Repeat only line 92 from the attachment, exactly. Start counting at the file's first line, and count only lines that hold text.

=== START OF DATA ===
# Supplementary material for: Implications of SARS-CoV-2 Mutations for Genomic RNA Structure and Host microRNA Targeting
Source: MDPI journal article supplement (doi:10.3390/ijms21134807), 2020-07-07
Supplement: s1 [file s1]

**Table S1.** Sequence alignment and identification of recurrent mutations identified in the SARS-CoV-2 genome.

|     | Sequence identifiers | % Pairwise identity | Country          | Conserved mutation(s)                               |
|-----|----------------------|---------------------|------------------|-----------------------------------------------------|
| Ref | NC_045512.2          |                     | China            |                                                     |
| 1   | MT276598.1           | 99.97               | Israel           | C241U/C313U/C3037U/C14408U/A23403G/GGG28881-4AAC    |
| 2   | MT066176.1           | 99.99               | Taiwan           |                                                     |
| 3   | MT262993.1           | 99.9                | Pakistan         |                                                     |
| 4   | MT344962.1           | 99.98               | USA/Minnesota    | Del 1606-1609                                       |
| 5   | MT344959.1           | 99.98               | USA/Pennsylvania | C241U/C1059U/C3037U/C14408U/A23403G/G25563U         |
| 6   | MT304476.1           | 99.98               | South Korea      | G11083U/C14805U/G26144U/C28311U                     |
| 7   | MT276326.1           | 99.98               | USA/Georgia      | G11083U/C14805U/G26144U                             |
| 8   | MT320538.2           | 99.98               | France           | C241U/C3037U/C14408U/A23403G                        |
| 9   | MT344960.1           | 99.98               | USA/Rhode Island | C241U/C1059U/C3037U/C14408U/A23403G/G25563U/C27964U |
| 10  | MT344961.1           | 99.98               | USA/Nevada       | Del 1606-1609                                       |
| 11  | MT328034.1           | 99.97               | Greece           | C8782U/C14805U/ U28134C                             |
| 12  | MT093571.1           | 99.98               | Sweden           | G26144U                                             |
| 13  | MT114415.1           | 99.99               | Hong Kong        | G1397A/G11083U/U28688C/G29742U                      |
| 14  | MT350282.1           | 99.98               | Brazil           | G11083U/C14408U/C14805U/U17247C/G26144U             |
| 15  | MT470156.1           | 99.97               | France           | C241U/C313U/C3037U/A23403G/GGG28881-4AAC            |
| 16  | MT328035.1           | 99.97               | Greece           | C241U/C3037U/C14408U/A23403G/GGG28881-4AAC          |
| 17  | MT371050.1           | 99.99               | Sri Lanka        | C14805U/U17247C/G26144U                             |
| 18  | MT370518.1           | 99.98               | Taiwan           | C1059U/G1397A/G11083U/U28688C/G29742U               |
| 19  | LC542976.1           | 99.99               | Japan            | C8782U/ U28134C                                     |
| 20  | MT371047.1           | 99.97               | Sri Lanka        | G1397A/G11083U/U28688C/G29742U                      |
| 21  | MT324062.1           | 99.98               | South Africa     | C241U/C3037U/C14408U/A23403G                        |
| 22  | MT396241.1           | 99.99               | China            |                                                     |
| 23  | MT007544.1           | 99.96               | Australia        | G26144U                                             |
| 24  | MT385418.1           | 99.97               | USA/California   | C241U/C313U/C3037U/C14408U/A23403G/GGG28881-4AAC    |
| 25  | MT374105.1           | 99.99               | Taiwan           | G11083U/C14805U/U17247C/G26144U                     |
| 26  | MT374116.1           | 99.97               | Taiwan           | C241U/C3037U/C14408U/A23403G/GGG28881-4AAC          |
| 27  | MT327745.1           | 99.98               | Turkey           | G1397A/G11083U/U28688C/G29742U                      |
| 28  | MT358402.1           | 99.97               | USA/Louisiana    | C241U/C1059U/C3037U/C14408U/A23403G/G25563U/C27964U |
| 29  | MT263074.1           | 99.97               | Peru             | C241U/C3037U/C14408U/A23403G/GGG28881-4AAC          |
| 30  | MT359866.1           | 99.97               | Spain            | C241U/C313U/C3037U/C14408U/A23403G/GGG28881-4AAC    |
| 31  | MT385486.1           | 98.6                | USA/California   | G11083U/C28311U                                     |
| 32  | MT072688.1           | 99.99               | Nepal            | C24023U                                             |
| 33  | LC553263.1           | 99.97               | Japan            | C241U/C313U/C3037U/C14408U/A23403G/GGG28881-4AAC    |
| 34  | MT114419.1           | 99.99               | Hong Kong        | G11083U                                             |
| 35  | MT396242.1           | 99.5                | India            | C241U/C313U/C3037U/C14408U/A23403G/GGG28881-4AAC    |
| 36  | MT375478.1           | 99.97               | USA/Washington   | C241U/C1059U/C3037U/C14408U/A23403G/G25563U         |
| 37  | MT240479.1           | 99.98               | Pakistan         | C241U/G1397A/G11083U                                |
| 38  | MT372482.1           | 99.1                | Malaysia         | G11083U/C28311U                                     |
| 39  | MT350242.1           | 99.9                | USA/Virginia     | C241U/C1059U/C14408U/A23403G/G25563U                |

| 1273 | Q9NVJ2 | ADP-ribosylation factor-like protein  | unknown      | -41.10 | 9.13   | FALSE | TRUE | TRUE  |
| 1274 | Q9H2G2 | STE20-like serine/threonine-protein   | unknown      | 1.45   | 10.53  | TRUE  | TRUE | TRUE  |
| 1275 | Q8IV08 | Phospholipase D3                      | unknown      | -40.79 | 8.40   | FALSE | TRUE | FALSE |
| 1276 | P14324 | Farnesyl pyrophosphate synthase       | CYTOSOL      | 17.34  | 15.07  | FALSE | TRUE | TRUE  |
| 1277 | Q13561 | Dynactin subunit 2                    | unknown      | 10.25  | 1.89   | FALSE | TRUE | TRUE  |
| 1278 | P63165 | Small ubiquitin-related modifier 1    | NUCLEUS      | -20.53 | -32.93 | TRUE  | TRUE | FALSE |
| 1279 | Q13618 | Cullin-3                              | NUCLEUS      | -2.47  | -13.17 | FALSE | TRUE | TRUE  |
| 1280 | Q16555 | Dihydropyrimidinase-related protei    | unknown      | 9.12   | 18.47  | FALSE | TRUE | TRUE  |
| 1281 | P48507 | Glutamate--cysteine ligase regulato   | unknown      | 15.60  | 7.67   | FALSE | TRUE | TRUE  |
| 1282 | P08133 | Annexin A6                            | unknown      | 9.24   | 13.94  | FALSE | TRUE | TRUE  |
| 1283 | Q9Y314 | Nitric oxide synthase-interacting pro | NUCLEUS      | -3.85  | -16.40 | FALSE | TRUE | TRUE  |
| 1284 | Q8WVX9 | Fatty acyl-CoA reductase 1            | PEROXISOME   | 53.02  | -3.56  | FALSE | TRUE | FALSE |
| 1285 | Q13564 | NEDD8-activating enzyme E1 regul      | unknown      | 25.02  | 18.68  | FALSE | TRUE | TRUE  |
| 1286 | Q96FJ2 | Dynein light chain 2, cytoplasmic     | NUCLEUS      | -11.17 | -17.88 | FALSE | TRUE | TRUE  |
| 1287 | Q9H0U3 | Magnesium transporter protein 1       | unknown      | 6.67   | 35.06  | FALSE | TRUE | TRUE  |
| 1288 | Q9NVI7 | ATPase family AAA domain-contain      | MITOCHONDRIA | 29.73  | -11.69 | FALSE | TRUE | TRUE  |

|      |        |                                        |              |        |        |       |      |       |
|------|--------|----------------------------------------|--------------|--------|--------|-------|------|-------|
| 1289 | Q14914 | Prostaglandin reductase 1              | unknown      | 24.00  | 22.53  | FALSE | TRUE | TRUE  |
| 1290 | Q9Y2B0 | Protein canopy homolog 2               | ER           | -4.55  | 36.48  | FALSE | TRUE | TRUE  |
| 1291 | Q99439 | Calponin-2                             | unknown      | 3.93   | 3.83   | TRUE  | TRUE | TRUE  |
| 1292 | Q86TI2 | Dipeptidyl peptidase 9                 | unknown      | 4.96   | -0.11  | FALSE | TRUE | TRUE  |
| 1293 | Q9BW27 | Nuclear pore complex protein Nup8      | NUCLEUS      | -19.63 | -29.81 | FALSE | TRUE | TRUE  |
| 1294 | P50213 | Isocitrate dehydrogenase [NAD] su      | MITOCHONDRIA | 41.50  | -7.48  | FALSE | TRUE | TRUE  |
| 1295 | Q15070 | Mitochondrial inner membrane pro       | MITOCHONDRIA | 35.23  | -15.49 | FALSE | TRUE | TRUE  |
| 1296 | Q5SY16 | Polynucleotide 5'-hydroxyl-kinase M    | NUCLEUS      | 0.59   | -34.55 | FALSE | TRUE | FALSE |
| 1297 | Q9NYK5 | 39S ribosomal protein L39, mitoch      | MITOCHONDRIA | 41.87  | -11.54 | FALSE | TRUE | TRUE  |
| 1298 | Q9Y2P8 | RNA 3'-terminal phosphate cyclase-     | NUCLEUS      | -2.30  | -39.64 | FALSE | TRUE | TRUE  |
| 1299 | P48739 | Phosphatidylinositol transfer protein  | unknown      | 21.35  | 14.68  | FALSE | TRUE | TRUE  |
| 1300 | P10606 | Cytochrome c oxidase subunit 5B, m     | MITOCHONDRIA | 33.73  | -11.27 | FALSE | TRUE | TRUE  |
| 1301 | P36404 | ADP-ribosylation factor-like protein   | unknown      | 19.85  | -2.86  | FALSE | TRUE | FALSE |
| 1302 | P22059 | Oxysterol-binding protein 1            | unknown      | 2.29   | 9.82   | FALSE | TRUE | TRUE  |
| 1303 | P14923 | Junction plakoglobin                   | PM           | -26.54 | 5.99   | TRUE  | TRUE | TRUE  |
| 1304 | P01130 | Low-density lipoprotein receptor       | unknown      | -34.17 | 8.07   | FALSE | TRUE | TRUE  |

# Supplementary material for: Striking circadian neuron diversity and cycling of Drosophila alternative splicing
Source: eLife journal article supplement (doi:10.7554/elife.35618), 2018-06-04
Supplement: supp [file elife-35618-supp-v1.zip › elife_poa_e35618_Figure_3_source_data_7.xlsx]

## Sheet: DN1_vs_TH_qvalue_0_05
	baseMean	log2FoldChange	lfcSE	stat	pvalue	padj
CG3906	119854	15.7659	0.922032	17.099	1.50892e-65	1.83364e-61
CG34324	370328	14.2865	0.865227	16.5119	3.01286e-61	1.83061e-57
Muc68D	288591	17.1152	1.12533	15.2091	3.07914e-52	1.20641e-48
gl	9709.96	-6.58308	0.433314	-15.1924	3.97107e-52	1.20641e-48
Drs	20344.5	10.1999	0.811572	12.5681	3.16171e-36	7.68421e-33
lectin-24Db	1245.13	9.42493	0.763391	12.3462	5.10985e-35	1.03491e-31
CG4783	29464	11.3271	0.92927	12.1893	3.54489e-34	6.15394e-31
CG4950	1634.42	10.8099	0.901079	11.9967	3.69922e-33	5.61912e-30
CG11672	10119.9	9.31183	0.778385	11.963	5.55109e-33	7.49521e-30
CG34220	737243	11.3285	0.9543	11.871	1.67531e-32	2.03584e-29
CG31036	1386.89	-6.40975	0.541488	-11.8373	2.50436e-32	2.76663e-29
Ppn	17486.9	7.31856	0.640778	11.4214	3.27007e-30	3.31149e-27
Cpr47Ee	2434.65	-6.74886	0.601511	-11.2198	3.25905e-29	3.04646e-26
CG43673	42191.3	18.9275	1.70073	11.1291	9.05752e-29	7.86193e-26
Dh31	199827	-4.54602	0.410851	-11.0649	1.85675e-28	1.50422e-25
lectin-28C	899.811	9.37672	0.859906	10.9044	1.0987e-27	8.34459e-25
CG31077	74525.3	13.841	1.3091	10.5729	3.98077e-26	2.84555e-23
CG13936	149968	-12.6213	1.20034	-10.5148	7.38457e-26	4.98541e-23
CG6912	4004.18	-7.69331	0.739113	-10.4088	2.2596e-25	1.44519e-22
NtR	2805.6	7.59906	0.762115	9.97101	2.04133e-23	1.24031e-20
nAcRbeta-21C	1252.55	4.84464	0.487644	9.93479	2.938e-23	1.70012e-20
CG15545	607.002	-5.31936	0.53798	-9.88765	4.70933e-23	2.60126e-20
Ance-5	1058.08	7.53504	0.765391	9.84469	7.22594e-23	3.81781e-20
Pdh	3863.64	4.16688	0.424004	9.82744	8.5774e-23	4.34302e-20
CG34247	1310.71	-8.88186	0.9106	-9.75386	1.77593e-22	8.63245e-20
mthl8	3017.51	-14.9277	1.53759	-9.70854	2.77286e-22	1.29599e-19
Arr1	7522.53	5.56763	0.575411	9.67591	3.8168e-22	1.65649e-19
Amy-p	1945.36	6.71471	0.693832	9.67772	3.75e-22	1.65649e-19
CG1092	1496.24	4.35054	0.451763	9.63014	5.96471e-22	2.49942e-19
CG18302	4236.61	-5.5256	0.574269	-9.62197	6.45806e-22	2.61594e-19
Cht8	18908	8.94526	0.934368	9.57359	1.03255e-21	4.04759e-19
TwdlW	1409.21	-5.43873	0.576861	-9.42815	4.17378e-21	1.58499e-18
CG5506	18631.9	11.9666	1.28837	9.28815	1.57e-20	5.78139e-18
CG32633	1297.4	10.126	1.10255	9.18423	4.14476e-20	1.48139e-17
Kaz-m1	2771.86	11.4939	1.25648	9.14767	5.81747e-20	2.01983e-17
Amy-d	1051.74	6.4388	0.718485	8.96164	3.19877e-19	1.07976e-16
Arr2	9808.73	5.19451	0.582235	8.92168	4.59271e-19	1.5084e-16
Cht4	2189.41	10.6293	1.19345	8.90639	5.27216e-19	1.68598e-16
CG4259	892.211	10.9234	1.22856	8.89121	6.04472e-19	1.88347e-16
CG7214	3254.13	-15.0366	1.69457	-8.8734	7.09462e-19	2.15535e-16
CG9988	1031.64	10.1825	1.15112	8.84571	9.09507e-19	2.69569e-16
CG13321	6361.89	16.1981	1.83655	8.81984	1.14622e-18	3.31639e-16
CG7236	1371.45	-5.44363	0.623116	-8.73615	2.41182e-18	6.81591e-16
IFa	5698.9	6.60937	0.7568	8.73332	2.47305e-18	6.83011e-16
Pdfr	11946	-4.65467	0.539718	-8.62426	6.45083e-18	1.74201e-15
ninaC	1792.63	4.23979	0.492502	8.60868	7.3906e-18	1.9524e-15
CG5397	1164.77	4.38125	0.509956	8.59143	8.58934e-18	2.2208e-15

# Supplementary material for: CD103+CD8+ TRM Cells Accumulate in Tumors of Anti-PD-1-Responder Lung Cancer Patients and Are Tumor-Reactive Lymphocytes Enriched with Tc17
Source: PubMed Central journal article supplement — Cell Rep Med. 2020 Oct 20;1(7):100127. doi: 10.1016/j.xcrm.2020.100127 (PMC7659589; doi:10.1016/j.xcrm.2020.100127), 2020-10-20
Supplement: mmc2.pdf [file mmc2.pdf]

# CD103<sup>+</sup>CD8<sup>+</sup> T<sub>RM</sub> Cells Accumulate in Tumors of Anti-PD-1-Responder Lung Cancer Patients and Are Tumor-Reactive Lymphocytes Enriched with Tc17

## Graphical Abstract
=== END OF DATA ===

CG4783	29464	11.3271	0.92927	12.1893	3.54489e-34	6.15394e-31